It looks like ‘The Illustrator’ got hungry while he was drawing on the pristine white gallery walls. Judging from his drawings, it appears ‘The Illustrator’ likes sandwiches – a retro, stacked club, spiked through with an olive-topped cocktail stick, could be a preference, but a squishy cheeseburger might also do. I can relate. At work, I often wish I could conjure up the food I imagine, and that it would pop out of my mind and into my hand just like it does in cartoons.
These may be Zin Taylor’s thoughts materializing around the project space 1646, but he would prefer that we don’t confuse him, the artist, with the namesake of his show. At least that’s what he asserted in a prefatory conversation with artist Scott Lyall, which was also published for the occasion. The protocol at 1646 calls for each exhibition to be accompanied by a printed transcript of a conversation between the artist and an unfamiliar partner, and ‘a background night’ presenting the artists’ ideas and practice. This laudable effort is meant to introduce the audience to the work, and to situate the exhibition itself in a process, rather than see it as the end game.
According to Taylor, if ‘The Illustrator’ is a character, he is one that embodies ‘an idea’, ‘a title’ and ‘a tool for a certain kind of description’. But remaining in this conceptual realm – rather than anthropomorphizing Taylor’s designated idea, title and tool – is far from easy. I couldn’t resist the urge to attribute authorship to the elements in this exhibition, which consisted of larger-than-life (mostly) figurative line drawings directly on the gallery walls made with a 15mm chisel-head black acrylic marker. To be painted over when the exhibition ends, they could be seen as grammatical units in a pictorial phrase or as continuous visual composition, depending on how synthetically or partially one reads. In addition, black dots were scattered over one wall (a sure nod to Taylor’s ongoing body of work known as ‘The Story of Stripes and Dots’, begun in 2012), and two sculpture-mobiles drifted in that peculiar, passive way when an air current happened to disturb them.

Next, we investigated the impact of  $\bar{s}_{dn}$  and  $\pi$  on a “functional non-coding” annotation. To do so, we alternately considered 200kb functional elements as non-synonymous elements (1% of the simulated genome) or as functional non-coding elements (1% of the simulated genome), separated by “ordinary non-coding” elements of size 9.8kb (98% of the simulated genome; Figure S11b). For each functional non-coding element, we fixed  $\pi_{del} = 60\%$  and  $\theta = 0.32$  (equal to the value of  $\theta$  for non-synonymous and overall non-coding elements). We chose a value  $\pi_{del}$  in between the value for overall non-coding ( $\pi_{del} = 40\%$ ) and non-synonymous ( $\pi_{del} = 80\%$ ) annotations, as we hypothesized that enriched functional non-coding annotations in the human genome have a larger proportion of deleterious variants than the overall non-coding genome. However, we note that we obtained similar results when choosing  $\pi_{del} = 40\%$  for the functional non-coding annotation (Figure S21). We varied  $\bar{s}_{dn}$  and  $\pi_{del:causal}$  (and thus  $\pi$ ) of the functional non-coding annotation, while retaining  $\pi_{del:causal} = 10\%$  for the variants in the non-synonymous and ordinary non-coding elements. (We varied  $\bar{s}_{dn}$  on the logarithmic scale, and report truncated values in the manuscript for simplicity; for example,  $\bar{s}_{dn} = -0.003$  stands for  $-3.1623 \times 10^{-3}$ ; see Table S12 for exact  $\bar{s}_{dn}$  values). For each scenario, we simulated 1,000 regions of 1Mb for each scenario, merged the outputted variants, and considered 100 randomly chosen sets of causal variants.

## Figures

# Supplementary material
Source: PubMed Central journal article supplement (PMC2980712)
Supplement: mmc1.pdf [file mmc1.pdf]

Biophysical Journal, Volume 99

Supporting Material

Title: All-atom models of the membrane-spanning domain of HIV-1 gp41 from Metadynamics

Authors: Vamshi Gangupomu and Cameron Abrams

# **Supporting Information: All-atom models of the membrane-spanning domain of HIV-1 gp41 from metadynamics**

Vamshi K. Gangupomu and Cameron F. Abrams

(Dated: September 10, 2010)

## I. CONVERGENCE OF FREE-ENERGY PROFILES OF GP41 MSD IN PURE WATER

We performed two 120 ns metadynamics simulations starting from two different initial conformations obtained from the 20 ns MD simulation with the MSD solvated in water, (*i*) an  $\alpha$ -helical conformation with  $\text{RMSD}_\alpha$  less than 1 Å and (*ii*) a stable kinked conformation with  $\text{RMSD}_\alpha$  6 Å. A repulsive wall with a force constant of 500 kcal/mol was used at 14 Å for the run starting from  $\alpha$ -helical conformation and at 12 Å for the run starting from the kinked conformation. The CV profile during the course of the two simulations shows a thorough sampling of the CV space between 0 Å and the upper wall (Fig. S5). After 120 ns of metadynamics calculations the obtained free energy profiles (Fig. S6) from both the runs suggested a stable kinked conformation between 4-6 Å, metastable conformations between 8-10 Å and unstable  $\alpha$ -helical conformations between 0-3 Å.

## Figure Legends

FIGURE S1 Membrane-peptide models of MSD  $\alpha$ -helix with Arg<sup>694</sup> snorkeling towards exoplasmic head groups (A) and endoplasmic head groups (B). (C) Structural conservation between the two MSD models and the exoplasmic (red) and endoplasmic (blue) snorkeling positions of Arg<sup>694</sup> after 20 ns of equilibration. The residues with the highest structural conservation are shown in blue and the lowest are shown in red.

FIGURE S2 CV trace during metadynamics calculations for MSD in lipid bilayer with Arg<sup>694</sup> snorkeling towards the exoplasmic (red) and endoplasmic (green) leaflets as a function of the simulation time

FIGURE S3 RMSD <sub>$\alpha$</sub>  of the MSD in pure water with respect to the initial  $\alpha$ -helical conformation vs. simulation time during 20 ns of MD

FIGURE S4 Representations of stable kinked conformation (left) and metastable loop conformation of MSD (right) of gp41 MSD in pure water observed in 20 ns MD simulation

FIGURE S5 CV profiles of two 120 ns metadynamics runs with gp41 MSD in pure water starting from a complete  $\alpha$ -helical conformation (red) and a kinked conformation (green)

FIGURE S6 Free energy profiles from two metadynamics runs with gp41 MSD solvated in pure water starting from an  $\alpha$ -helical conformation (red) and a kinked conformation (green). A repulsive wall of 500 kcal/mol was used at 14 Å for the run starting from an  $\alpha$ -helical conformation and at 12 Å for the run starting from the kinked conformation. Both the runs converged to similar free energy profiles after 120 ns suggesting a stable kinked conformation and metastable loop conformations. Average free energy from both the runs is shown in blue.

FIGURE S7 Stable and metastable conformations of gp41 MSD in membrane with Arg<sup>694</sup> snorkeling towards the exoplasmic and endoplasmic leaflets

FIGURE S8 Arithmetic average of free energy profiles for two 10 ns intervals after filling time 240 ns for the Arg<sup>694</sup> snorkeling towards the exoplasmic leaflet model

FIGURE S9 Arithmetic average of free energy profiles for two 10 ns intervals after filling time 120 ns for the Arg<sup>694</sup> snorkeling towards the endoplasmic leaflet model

The first mobile was the sole occupant of the front gallery space and is succinctly described by its title: A string of eyeballs, a spectrum of colour, a structure of form in black and white (2013). Two upside-down L-shapes hung from one side of a thin horizontal bar painted the colours of the spectrum: the thicker upside-down L-shape was white and covered with a black grid; the other, reedier L was solid black. Their companion, a long chain of papier-mâché eyeballs threaded onto string, reminding me of one of those elastic candy bracelets you can nibble on. Dramatically lit, the mobiles’ wavering shadows swished around the walls and floor, as if cast from a magic lantern. The second mobile, Expressive Device (Leaf Voids) (2014), had four white discs dangling from an invisible wire and hung in the back space, but it was overshadowed by a wall-drawing of what looked like a giant potato.
In the accompanying conversation with Lyall, Taylor refers to the drawings as ‘caricatures’ and to the gallery space as a ‘void’ – terms analogous with ‘writing’ and ‘thinking’ that help him to identify a distinctive style of mark-making that emerges from pensive moments (which others might refer to as doodling). An ostrich, an alphabet and a squat brick structure set amidst sparse blades of grass populate one wall. There’s no real point in trying to cohere all the wall drawings into a narrative but it is tempting to play that game with the image of two hippies and a third figure, comprised only of legs and a body dissolving into bubbly vapour, standing beside a drawn mini-exhibition of works resembling some other ‘real’ sculptures and paintings by Taylor. To illustrate means to provide clarity or enlighten through an example. With this exhibition, Taylor effectively turned the walls into a recursive and dynamic space, a setting for artistic thinking, rather than merely a surface for inscribing shapes.